A four-year investigation into a pharmaceutical giant's alleged off-label marketing of an anti-psychotic drug has earned a $24 million settlement for Utah.
"This isn't just about money," Utah Attorney General Mark Shurtleff said Wednesday. "The victims were those who could least afford health care."
The Food and Drug Administration had approved Zyprexa's use for treating schizophrenia and bipolar disorders. But, Utah investigators say, Eli Lilly's sales force had been encouraging, since 1999, doctors to prescribe the drug for dementia, Alzheimer's, agitation, aggression, hostility, depression and generalized sleep disorders.
"The thing that was remarkable was how vigorously it was promoted and how much we spent in our Utah Medicaid program" -- the state's Zyprexa tab totaled $11 million since 2007, said David Sundwall, executive director of Utah's Department of Health.
"There aren't that many psychotic people in Utah," Sundwall said, noting there was clear documentation of the drug's overuse and misuse.
Shurtleff said, besides the settlement money, the state "wanted [Eli Lilly's] bad conduct to stop."
The company, founded in Indianapolis in 1876 and now marketing its products in 143 countries, denies any wrongdoing, said spokeswoman Marni Lemons.
"We have always lived by the highest standards in promoting our drugs," Lemons said. "We reached the point where it was time to put these issues behind us."
The company -- which also makes the well-known Cialis, Cymbalta and Prozac -- has battled Zyprexa litigation since 2003. Last year, a 32-state lawsuit ended in a $62 million settlement. Utah was one of 13 states that chose to file separately.
Zyprexa's side effects include significant weight gain and obesity -- part of a metabolic syndrome, Sundwall said, that can lead to diabetes, hypertension and stroke.
According to Utah's investigation, 1,769 Utah Medicaid patients over age 65 took Zyprexa without the proper diagnosis.
In 2005, the firm of Garretson & Steele was selected to handle this case through an informal bid process. Attorney Joseph Steele has ties to Siegfried & Jensen, a personal-injury law firm that gives frequently and generously to Shurtleff's campaign coffers.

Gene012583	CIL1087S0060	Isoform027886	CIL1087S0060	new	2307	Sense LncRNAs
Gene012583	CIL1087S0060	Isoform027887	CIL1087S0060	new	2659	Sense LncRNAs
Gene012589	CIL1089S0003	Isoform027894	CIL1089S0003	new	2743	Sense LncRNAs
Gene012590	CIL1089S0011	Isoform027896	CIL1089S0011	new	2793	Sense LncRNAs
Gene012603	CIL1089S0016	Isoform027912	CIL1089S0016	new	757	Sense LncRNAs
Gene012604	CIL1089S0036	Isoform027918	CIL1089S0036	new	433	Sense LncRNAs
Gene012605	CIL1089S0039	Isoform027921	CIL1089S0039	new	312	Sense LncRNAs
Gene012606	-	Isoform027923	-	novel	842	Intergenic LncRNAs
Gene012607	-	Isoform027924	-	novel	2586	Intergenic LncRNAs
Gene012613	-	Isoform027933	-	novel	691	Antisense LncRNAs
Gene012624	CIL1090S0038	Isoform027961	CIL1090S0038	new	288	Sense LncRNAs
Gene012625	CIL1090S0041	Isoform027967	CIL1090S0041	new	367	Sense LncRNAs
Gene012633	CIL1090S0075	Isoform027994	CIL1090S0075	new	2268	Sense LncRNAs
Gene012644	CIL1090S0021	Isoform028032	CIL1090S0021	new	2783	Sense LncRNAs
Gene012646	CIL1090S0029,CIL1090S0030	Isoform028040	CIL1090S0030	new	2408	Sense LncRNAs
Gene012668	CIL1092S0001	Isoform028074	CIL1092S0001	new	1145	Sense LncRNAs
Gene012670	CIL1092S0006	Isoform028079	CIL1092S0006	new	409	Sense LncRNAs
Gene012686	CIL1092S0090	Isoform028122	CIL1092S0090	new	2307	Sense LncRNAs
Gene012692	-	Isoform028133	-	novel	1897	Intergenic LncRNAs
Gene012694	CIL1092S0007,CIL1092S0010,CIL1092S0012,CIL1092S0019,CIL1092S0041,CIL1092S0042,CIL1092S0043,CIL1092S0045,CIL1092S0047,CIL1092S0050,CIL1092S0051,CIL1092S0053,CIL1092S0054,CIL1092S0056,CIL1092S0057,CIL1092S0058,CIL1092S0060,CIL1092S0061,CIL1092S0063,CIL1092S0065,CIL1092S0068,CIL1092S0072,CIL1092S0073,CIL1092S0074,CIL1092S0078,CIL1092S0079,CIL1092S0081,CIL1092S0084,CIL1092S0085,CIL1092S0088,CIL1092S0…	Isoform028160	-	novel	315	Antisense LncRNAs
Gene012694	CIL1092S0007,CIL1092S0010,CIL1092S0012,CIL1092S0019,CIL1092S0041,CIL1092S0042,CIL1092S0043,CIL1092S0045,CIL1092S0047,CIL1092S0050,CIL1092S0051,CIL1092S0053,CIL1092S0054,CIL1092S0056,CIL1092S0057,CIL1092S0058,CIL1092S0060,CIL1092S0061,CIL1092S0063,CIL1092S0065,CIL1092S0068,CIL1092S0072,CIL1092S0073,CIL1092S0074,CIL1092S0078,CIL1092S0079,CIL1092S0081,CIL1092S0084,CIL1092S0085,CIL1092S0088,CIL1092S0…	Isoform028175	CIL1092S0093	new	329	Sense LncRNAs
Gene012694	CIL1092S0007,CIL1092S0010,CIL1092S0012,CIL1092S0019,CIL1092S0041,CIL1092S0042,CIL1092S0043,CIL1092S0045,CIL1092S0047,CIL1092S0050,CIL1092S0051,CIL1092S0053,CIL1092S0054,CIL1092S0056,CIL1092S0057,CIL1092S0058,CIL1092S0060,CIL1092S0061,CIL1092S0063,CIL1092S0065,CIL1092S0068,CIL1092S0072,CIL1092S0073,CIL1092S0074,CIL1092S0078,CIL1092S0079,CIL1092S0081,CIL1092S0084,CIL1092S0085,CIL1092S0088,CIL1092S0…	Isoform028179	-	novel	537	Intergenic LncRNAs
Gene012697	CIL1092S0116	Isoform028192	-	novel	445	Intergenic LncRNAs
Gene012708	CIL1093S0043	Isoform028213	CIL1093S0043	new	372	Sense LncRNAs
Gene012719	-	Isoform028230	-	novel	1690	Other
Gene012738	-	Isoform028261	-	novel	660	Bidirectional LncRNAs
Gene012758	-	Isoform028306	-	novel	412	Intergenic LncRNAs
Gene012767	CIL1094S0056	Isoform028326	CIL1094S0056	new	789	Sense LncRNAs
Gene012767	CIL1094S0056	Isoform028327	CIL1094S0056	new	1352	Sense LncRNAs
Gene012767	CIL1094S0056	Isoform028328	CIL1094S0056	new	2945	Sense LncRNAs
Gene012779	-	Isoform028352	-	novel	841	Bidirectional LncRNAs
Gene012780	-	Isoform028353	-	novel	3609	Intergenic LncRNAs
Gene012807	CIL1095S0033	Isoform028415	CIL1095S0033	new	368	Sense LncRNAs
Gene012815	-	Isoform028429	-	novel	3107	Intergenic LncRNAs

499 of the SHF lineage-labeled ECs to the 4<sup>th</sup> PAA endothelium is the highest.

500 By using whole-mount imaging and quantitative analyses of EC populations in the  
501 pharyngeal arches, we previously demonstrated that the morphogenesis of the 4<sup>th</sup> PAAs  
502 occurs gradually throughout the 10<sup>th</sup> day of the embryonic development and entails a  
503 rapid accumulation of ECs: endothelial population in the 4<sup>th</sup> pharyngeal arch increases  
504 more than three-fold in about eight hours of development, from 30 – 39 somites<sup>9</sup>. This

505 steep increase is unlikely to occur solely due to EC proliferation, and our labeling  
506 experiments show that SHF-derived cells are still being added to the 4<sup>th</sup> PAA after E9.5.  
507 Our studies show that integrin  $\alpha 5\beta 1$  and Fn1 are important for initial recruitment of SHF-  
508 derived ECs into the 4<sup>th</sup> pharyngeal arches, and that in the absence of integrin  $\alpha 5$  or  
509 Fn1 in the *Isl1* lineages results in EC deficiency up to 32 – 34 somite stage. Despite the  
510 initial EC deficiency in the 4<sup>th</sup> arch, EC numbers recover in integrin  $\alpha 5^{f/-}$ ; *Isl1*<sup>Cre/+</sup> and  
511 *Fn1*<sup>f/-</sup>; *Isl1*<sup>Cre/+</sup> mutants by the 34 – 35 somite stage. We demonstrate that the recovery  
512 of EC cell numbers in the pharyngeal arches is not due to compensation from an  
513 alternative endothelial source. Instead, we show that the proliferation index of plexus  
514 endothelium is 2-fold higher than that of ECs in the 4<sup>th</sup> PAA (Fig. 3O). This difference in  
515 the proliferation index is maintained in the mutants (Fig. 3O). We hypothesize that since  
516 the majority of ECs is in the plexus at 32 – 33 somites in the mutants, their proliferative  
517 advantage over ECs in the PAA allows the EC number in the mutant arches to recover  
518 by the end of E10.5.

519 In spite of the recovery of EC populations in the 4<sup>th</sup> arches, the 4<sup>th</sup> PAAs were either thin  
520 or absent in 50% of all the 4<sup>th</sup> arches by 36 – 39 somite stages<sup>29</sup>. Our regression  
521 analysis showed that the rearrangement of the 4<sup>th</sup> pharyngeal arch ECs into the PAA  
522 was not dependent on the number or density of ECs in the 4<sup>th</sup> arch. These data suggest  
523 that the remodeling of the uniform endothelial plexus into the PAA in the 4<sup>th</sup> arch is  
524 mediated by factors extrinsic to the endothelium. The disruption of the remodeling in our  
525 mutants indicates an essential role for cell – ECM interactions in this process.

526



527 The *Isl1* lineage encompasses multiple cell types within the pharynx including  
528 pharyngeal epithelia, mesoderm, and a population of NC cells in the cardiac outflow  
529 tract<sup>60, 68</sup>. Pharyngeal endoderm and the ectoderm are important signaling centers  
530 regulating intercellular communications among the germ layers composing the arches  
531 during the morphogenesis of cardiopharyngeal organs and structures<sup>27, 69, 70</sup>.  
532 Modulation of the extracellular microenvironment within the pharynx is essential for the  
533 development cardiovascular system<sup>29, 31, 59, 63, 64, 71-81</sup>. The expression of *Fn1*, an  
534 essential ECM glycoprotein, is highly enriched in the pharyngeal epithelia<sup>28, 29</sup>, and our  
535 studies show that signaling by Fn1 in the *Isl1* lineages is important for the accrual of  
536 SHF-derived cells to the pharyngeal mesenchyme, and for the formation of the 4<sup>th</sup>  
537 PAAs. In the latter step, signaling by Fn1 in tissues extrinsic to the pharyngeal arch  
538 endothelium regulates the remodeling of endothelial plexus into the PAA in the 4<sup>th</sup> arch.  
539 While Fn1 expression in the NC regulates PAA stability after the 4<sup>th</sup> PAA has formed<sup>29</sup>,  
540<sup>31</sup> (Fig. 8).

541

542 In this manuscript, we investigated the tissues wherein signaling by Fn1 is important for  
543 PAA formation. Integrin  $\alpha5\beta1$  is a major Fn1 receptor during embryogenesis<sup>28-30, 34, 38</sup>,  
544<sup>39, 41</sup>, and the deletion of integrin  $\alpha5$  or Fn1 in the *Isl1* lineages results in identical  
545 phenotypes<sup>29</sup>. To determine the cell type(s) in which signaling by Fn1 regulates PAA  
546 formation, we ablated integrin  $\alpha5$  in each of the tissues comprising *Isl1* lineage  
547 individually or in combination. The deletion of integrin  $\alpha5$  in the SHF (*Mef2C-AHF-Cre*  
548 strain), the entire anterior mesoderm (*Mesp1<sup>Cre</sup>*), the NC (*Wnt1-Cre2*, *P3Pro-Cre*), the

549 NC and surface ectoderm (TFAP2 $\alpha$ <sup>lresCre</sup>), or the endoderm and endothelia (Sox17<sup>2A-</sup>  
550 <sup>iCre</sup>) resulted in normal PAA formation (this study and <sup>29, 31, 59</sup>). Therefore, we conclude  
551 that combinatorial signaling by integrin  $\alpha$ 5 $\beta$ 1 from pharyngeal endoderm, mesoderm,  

Steele praised Shurtleff for his courage, saying that he and lawyer Mitch Jensen spoke with several other state attorneys general about the volatile litigation.
"What you find is a great deal of political pressure to end litigation without payment of the appropriate level of compensation," Steele said. "There were very few who had the courage to stand up to the pharmaceutical industry."
The settlement money comes at an opportune time for Utah. In January, state lawmakers will grapple with a potential $850 million shortfall.
"There are plenty of opportunities and critical needs for this money," House Speaker David Clark, R-Santa Clara, said as he accepted a faux $24 million check from Shurtleff.
Sundwall hopes state lawmakers will remember Utah's most vulnerable residents when they allocate the money.
"The timing couldn't be better because of the stress we're under in Medicaid," he said.
» Last fall, Eli Lilly settled consumer-protection claims with 32 states for $62 million
» Eli Lilly also settled with Alaska in 2008 for $15 million.
» In January, the company settled with the federal government for $1.42 billion in criminal and civil fines and Medicaid restitution in more than 30 states.
» Since the first of the year, Eli Lilly settled with Connecticut for $25.1 million, Idaho for $13 million, South Carolina for $45 million, West Virginia for $22.5 million, and most recently, Utah for $24 million.
Source: Eli Lilly
» $3.6 million for outside attorney fees.
» $475,067 for costs incurred by outside counsel.
» About $20 million for the state.
Source: 3rd District Court documents